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Painful Skin Lesions May Signal Squamous Cell Carcinoma

WINSTON-SALEM, N.C. - Dec. 17, 2012 - When dermatology patients report painful skin lesions, their doctors may want to look for squamous cell carcinoma, according to the latest research findings from Wake Forest Baptist Medical Center.

Gil Yosipovitch, M.D., professor of dermatology at Wake Forest Baptist Medical Center, has conducted the first study of its kind to assess the prevalence of pain related to common skin cancers. Because there are nearly four million new cases of non-melanoma skin cancers (NMSC) diagnosed each year, Yosipovitch said there was a need to look at the prevalence rates of common symptoms, including pain and itch, associated with the two most common types of skin cancer - basal cell carcinoma (BCC) and squamous cell carcinoma (SCC).

"Our findings reveal that pain and itch are common symptoms of non-melanoma skin cancers," Yosipovitch said. "To our knowledge, this is the first study to assess the prevalence of pain and itch and their intensities in non-melanoma skin cancers."

Yosipovitch discussed his findings in a letter to the Archives of Dermatology, a Journal of American Medicine Association (JAMA) network, publishing online Dec. 17.

Data for the study was collected over a nine-month period from 478 patients treated at Wake Forest Baptist who had either basal cell carcinoma (BCC) or squamous cell carcinoma (SCC). A total of 576 biopsy-proven NMSCs were involved. Patients rated their pain and itch intensity on a visual analog scale from 0 (least intense) to 10 (most intense).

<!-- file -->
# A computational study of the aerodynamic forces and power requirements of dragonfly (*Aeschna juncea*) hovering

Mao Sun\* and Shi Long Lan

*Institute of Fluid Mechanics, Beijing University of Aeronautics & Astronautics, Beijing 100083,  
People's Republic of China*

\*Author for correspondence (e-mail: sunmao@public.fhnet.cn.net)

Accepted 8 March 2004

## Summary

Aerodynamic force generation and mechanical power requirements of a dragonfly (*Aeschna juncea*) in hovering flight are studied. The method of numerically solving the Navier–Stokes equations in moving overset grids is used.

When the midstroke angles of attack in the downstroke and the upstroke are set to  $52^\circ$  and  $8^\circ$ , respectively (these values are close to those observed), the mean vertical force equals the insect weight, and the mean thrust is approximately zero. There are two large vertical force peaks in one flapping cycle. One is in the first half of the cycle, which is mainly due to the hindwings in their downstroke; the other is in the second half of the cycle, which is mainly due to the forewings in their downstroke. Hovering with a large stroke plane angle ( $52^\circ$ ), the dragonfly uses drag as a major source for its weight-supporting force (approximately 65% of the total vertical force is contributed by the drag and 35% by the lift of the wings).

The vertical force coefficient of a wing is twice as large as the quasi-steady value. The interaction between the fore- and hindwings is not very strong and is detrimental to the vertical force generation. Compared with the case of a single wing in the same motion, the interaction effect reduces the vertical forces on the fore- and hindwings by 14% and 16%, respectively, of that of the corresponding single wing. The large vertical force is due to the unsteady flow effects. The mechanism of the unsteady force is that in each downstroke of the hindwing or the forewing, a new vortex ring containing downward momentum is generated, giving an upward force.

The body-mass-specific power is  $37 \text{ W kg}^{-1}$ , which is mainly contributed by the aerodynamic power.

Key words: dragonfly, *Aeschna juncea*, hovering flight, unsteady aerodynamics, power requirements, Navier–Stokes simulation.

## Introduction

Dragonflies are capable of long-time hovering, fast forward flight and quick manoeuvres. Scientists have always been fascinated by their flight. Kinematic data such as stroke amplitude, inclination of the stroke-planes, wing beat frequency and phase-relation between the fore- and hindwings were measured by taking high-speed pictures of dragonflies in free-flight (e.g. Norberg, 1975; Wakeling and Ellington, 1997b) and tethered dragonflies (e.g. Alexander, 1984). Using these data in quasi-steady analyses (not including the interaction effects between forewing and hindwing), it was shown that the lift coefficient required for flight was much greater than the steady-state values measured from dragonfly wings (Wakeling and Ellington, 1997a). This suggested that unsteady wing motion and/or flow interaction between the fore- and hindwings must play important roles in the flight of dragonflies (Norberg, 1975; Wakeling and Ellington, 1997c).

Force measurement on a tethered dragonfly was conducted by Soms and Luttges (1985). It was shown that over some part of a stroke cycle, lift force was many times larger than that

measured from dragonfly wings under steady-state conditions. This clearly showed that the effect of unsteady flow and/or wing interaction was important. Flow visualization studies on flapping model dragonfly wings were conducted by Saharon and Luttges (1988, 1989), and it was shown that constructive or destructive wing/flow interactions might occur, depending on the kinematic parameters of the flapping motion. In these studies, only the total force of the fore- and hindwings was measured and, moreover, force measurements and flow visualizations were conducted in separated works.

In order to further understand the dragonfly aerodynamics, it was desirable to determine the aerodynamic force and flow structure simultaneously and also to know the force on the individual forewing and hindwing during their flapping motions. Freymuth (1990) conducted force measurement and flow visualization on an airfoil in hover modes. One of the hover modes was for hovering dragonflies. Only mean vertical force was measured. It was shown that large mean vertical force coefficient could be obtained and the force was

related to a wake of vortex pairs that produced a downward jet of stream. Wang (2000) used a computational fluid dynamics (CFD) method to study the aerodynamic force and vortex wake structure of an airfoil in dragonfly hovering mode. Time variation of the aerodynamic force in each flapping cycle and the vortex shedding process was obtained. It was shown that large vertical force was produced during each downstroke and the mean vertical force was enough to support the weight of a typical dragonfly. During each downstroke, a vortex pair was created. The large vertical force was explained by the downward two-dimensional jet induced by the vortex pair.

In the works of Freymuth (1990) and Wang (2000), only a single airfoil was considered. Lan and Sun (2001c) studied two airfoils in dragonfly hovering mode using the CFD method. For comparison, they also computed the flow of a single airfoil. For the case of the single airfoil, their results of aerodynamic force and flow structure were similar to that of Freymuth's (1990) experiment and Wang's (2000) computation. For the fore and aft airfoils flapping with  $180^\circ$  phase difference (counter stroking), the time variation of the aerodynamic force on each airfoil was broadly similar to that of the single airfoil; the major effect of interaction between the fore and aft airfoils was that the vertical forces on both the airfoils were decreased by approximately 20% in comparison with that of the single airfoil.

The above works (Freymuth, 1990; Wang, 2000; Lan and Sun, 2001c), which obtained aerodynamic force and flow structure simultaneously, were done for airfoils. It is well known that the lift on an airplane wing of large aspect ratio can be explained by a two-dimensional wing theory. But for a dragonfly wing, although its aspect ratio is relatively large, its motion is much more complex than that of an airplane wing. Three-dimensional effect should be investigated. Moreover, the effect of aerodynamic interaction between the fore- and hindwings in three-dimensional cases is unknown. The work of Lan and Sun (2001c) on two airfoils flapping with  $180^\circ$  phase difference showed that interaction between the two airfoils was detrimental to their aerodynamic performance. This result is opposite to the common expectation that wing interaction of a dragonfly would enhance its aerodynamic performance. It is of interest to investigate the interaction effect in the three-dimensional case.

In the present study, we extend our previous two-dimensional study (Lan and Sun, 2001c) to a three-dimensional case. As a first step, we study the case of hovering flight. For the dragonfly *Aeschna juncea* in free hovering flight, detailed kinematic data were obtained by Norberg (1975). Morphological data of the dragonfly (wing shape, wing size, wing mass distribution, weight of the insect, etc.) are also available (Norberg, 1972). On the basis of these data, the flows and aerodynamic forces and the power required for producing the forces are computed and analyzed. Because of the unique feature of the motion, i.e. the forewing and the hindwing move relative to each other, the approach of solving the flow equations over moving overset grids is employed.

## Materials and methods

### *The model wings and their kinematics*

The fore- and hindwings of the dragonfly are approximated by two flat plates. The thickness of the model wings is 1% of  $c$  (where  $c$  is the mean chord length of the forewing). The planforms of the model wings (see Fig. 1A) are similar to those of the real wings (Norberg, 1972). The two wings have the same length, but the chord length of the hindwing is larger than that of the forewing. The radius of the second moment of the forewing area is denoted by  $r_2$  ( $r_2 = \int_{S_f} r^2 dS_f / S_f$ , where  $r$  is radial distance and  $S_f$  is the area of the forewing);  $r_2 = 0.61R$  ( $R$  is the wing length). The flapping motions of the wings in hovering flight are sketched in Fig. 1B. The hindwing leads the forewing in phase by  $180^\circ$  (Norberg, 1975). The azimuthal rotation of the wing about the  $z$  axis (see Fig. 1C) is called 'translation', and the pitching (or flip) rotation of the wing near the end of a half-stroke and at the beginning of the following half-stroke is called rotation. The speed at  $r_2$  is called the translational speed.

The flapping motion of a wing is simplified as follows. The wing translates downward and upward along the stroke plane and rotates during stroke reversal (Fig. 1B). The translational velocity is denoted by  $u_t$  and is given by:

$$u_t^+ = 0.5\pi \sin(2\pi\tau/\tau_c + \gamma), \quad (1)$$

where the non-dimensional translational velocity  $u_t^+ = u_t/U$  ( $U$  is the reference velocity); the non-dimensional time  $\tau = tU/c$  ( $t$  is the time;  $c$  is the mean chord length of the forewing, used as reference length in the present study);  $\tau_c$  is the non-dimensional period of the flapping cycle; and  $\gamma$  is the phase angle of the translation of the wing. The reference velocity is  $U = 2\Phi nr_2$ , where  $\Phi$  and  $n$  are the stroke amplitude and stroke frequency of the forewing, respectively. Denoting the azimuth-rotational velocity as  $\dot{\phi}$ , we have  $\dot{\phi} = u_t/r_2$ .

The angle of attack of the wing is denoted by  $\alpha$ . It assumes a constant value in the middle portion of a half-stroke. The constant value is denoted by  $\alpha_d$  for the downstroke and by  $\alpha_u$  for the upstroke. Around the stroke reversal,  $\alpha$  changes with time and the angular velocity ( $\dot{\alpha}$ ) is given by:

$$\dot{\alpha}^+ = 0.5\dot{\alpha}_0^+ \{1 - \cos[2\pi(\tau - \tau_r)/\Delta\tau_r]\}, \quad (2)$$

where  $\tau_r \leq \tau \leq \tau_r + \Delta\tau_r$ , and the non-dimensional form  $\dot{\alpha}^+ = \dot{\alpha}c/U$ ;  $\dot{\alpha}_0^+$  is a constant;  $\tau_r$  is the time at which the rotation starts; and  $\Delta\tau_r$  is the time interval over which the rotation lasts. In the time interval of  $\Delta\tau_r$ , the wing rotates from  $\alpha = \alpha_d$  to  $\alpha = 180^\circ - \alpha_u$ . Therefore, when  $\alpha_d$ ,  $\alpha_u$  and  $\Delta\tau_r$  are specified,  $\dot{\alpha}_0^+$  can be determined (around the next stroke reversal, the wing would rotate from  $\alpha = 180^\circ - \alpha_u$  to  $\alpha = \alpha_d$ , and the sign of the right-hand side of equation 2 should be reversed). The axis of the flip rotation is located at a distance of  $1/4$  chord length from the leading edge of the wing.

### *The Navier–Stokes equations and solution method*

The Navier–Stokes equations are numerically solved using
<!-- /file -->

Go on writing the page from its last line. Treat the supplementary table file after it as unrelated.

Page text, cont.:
Itch was the most common symptom reported in both skin cancers - 43.5 percent of SCCs and 33.4 percent of BCCs, but the prevalence of pain was significantly increased in SCC (39.8 percent) as compared to BCC (17.7 percent).

Yosipovitch said that a patient's pain score was a highly significant predictor of having an SCC as opposed to a BCC. "Specifically, we have shown the intensity of pain to be a unique factor to help in differentiating SCC from BCC. The results of this study suggest that a simple assessment of pain intensity will aid in the clinical diagnosis of SCC and lead to earlier, appropriately aggressive treatment for these cancerous lesions that are more aggressive than BCC," he said.

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Last Updated: 12-17-2012
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